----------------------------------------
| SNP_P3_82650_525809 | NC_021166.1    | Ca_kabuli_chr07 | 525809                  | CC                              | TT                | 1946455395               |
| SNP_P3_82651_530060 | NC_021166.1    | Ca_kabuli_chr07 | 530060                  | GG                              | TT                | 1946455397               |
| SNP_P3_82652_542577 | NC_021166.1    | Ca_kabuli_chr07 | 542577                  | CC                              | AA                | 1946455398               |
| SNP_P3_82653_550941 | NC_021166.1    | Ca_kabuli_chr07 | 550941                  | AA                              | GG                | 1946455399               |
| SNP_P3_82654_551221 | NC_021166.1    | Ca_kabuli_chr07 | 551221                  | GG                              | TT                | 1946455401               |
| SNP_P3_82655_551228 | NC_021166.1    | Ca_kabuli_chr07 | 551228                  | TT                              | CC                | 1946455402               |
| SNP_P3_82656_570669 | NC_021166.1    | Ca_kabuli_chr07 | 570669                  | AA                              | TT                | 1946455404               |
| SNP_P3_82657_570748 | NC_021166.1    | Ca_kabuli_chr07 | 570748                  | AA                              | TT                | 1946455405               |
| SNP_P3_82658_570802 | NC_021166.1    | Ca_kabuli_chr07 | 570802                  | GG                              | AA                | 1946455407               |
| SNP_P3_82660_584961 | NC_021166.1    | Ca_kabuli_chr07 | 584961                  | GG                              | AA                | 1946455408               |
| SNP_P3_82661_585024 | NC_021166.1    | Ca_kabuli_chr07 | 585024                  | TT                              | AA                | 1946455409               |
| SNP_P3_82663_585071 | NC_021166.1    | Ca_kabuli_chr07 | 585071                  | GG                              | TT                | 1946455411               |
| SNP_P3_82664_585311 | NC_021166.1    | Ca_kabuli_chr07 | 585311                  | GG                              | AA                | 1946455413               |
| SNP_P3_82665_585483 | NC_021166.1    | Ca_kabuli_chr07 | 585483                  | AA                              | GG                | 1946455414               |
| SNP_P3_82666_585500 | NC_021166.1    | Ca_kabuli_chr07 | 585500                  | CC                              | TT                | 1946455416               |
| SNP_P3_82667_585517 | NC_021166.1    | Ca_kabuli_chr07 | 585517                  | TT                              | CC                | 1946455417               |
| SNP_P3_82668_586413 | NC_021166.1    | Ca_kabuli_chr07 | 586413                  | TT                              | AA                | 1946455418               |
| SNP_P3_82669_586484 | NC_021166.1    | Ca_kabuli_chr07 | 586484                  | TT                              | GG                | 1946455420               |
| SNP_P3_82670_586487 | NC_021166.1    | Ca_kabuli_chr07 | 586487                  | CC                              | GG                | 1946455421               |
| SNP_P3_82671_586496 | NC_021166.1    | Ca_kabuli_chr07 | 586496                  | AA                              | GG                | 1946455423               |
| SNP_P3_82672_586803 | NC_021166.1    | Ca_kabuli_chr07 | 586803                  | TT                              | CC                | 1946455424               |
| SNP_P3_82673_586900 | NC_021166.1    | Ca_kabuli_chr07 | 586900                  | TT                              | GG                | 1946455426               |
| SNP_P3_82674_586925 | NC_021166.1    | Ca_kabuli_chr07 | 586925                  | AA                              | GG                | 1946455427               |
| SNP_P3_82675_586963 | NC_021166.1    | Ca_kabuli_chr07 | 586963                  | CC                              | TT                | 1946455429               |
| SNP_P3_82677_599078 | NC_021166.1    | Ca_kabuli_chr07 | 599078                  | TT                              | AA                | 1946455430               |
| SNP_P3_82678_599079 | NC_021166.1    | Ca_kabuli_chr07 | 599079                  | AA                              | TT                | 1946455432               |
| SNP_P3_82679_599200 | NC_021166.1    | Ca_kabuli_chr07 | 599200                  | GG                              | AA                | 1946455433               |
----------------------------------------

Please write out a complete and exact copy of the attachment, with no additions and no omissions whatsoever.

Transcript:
| SNP_P3_82650_525809 | NC_021166.1    | Ca_kabuli_chr07 | 525809                  | CC                              | TT                | 1946455395               |
| SNP_P3_82651_530060 | NC_021166.1    | Ca_kabuli_chr07 | 530060                  | GG                              | TT                | 1946455397               |
| SNP_P3_82652_542577 | NC_021166.1    | Ca_kabuli_chr07 | 542577                  | CC                              | AA                | 1946455398               |
| SNP_P3_82653_550941 | NC_021166.1    | Ca_kabuli_chr07 | 550941                  | AA                              | GG                | 1946455399               |
| SNP_P3_82654_551221 | NC_021166.1    | Ca_kabuli_chr07 | 551221                  | GG                              | TT                | 1946455401               |
| SNP_P3_82655_551228 | NC_021166.1    | Ca_kabuli_chr07 | 551228                  | TT                              | CC                | 1946455402               |
| SNP_P3_82656_570669 | NC_021166.1    | Ca_kabuli_chr07 | 570669                  | AA                              | TT                | 1946455404               |
| SNP_P3_82657_570748 | NC_021166.1    | Ca_kabuli_chr07 | 570748                  | AA                              | TT                | 1946455405               |
| SNP_P3_82658_570802 | NC_021166.1    | Ca_kabuli_chr07 | 570802                  | GG                              | AA                | 1946455407               |
| SNP_P3_82660_584961 | NC_021166.1    | Ca_kabuli_chr07 | 584961                  | GG                              | AA                | 1946455408               |
| SNP_P3_82661_585024 | NC_021166.1    | Ca_kabuli_chr07 | 585024                  | TT                              | AA                | 1946455409               |
| SNP_P3_82663_585071 | NC_021166.1    | Ca_kabuli_chr07 | 585071                  | GG                              | TT                | 1946455411               |
| SNP_P3_82664_585311 | NC_021166.1    | Ca_kabuli_chr07 | 585311                  | GG                              | AA                | 1946455413               |
| SNP_P3_82665_585483 | NC_021166.1    | Ca_kabuli_chr07 | 585483                  | AA                              | GG                | 1946455414               |
| SNP_P3_82666_585500 | NC_021166.1    | Ca_kabuli_chr07 | 585500                  | CC                              | TT                | 1946455416               |
| SNP_P3_82667_585517 | NC_021166.1    | Ca_kabuli_chr07 | 585517                  | TT                              | CC                | 1946455417               |
| SNP_P3_82668_586413 | NC_021166.1    | Ca_kabuli_chr07 | 586413                  | TT                              | AA                | 1946455418               |
| SNP_P3_82669_586484 | NC_021166.1    | Ca_kabuli_chr07 | 586484                  | TT                              | GG                | 1946455420               |
| SNP_P3_82670_586487 | NC_021166.1    | Ca_kabuli_chr07 | 586487                  | CC                              | GG                | 1946455421               |
| SNP_P3_82671_586496 | NC_021166.1    | Ca_kabuli_chr07 | 586496                  | AA                              | GG                | 1946455423               |
| SNP_P3_82672_586803 | NC_021166.1    | Ca_kabuli_chr07 | 586803                  | TT                              | CC                | 1946455424               |
| SNP_P3_82673_586900 | NC_021166.1    | Ca_kabuli_chr07 | 586900                  | TT                              | GG                | 1946455426               |
| SNP_P3_82674_586925 | NC_021166.1    | Ca_kabuli_chr07 | 586925                  | AA                              | GG                | 1946455427               |
| SNP_P3_82675_586963 | NC_021166.1    | Ca_kabuli_chr07 | 586963                  | CC                              | TT                | 1946455429               |
| SNP_P3_82677_599078 | NC_021166.1    | Ca_kabuli_chr07 | 599078                  | TT                              | AA                | 1946455430               |
| SNP_P3_82678_599079 | NC_021166.1    | Ca_kabuli_chr07 | 599079                  | AA                              | TT                | 1946455432               |
| SNP_P3_82679_599200 | NC_021166.1    | Ca_kabuli_chr07 | 599200                  | GG                              | AA                | 1946455433               |